Another fun-for-all happening will be the “Brass Olympics,” Saturday, June 19 from 5 to 7:45pm on the east side of the Humber College grounds. If you’re frustrated with your brass playing abilities, then perhaps you should test your athletic prowess with one of these. For the muscular macho types there is the Tuba Toss to see who can throw a tuba the greatest distance out into Lake Ontario. There will be a line attached to retrieve the instrument after each competitor’s toss. For those wanting a challenge requiring more finesse, there will be the Horn Bell Frisbee Throw, the Trumpet Pin Game or the Trombone Balance competition. There will be prizes and fanfares, lots of fun, and a dinner at a nearby church.
The conference wraps up with a concert appropriately named “Brass Belles,” presented in conjunction with the Hannaford Street Silver Band at the St. Lawrence Centre. An array of brass band showpieces by international composers will be performed by an all-female cast of soloists and led by guest conductor Gillian MacKay. Soloists include Carol Jantsch, principal tubist of the Philadelphia Orchestra; Susan Rider, lead cornet soloist with the US Marine Band; Bonnie Denton, euphonium soloist with the US Coast Guard Band; Gail Robertson, euphonium soloist performing J. Scott Irvine’s Concertino; and Joan Watson, principal horn of the Canadian Opera Company Orchestra.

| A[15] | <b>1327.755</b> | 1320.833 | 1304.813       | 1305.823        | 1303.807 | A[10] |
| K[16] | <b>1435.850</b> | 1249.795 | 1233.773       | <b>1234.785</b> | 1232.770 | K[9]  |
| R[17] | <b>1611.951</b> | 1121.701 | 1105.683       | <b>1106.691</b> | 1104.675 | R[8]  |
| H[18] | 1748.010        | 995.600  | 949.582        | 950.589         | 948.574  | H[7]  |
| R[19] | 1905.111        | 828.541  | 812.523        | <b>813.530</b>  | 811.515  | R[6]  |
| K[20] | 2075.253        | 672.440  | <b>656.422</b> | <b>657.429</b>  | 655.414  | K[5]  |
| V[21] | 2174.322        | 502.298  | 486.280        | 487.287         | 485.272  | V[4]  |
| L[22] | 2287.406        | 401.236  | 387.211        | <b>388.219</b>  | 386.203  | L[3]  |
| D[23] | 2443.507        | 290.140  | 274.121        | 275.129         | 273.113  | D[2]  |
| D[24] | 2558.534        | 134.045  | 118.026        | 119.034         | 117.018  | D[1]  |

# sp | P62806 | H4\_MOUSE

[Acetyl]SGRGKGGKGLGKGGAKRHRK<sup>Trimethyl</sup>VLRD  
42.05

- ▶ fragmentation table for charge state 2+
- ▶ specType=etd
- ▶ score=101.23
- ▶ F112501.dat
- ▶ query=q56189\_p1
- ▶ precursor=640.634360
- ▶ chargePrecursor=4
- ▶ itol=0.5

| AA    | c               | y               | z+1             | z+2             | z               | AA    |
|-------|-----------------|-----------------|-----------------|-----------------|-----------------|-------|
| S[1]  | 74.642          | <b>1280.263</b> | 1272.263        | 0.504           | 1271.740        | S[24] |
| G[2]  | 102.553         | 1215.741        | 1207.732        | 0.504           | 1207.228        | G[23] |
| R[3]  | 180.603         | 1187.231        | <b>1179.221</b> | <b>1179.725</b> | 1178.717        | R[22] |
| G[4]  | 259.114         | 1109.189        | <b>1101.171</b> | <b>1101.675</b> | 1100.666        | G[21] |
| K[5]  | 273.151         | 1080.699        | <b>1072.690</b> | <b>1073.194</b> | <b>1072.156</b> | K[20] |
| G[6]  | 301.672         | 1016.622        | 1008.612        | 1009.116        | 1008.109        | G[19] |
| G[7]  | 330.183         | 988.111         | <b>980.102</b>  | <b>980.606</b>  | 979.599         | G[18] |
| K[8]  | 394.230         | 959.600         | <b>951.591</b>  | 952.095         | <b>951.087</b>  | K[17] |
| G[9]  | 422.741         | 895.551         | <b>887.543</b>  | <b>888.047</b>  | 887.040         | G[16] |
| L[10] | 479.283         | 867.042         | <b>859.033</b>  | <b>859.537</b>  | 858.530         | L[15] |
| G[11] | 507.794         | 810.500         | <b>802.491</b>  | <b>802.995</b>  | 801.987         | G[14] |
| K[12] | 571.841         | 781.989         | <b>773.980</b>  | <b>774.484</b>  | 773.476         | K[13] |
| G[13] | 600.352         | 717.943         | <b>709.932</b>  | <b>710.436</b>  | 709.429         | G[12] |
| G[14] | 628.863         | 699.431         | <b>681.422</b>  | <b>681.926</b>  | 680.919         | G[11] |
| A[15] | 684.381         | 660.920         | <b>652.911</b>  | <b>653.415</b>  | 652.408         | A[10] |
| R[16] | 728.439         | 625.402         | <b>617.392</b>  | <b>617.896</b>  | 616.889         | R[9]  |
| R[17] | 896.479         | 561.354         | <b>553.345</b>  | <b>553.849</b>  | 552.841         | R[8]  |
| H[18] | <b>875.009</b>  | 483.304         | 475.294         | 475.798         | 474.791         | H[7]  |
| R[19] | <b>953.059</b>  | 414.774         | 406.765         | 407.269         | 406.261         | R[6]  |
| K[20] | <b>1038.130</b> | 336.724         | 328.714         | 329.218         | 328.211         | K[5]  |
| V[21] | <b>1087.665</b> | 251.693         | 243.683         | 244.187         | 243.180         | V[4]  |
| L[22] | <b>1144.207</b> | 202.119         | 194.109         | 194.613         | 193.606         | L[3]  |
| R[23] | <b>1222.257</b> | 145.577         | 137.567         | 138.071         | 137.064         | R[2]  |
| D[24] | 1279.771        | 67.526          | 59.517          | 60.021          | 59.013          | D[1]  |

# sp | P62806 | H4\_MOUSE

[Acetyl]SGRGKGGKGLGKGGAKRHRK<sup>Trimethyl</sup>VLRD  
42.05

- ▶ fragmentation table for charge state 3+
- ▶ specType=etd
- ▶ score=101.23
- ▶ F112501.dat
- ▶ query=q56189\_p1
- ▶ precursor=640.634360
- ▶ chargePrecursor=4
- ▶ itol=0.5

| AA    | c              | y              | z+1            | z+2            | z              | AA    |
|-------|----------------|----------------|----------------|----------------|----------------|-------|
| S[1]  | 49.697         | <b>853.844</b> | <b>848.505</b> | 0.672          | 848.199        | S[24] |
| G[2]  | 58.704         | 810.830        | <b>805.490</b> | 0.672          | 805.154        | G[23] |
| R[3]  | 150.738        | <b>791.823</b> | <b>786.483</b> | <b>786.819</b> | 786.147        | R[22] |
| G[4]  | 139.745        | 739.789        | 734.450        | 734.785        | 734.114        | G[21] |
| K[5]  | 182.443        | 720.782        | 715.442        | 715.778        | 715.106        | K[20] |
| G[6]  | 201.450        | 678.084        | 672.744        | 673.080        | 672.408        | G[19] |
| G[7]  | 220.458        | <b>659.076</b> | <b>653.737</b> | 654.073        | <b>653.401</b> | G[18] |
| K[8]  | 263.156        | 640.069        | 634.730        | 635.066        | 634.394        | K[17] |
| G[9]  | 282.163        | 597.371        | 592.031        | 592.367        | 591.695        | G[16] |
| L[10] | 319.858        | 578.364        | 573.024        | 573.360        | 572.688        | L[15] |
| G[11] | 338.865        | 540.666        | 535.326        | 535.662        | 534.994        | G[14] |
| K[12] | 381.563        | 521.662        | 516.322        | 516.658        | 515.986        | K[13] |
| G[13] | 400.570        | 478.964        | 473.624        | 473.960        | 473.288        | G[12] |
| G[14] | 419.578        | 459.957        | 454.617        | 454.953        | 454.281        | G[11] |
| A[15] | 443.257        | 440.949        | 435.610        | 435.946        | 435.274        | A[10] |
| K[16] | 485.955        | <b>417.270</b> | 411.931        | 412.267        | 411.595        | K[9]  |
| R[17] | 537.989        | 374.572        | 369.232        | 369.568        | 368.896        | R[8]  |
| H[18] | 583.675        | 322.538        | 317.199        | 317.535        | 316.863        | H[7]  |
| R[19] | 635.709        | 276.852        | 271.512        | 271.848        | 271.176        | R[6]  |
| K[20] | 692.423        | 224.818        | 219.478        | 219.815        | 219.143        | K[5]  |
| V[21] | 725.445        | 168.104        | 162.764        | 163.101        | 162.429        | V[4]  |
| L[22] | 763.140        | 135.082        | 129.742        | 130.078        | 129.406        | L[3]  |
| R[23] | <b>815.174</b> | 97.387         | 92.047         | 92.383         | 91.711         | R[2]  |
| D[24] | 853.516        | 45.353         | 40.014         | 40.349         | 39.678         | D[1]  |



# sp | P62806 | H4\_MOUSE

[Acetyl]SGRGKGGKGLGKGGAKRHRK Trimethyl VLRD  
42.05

To provide a taste of the talent level expected at these events, I was sent a CD of tuba solos by Jantsch. She’s the young lady who startled the orchestral world by winning the prestigious tuba position in Philadelphia, thereby beating out some of the finest players in the world in a normally male-dominated position. After her first performance with the orchestra in New York’s Carnegie Hall, Carol had to rush back to write her final examinations at the University of Michigan.

In her CD, entitled Cascades, she displays a virtuosity rarely heard on a tuba. From the intricacies of a tango by Piazzolla, the allegro from a Khachaturian violin concerto and the ever popular Clarinet Polka she displays a technique normally only expected of much smaller instruments. She then shifts gears to a lyrical Adagio by Shostakovich where she showcases her tone and range. She will be one of the soloists at the Brass Belles concert.